1. They are raising them because they need to have room to cut in the recession (which we are currently in). They are out of position having kept rates so low for way too long and have painted themselves into a corner.

        1. That’s rather tortured logic – that’s like asking someone why they’re gorging on food, and their response is “Because I want to diet next year”…

      2. Your answer is buried inside your question: if you have constrained supply, then you need to constrain demand; no you won’t not buy a loaf of bread, but if you half to pay more dollars to finance a washer, you may put that purchase off.

        1. But the problem with that, as Krugman has regularly pointed out, is that the rate increase is a blunt instrument that doesn’t affect what the ordinary person sees as inflation (and that therefore affects their personal economic outlook) – bread, in your example, or gasoline … the demand-side constraint on gasoline purchases is the cost of gasoline, not interest rates.

          1. Agree that increases in the federal funds rate is a pretty blunt instrument.

            But, for example, shelter is the single biggest component of CPI (33% of the Index), and while The Fed doesn’t use CPI as it’s preferred inflation measure, the ordinary person certainly takes shelter costs increases as evidence for inflation.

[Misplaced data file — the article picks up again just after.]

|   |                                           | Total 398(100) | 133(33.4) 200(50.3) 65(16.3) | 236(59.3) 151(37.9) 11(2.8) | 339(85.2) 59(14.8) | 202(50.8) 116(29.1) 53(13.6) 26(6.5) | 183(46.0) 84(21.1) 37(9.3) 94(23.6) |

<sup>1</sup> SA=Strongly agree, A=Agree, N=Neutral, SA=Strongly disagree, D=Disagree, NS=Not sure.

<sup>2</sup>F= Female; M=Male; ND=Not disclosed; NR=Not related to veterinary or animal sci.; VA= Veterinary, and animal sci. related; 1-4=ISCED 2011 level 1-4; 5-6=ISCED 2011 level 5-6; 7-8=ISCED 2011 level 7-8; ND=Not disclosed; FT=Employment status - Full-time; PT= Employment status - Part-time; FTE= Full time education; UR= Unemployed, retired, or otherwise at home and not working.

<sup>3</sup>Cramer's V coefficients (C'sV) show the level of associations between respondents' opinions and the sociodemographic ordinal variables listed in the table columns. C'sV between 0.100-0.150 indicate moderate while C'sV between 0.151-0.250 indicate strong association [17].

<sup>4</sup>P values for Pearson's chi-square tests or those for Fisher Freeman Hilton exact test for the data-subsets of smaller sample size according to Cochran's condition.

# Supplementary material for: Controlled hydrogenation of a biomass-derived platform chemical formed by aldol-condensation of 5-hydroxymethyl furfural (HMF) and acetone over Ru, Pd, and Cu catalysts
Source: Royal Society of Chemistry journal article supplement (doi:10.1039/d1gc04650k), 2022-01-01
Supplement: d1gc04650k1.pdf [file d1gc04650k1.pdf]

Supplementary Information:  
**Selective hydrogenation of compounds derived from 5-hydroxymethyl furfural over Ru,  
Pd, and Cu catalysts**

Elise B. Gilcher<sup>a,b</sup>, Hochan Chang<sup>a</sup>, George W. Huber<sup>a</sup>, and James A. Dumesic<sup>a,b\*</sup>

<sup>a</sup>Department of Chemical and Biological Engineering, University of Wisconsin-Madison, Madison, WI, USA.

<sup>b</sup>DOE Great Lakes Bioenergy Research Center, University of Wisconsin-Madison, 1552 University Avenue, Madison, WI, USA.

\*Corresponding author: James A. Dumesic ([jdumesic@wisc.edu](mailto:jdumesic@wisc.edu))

Perhaps higher interest rates will constrain the amount of speculation and flipping in the local property market and slow down people buying rent controlled buildings, turning out the tenants and then advertising the units on AirBnB.

          2. … or the wealthy, who will buy with cash or little debt, will continue to do so while those who might have leveraged their way into the market cannot. Similarly the wealthy can now buy vacation homes at a reduced cost, while ordinary Joes are hindered in meeting their basic housing needs.

            If interest rates go up, it will slow an overheated housing market – I think no question the fed should’ve raised rates earlier before the 2008 crisis, to dampen that bubble. But if someone needs to sell, to move to get a new job, etc., rising rates impede that otherwise-desirable liquidity and behavior. So Jane Doe can’t sell her house, and therefore can’t maximize her personal economic position – but again, that has zero impact on supply-side constraints such as computer chips and crude oil.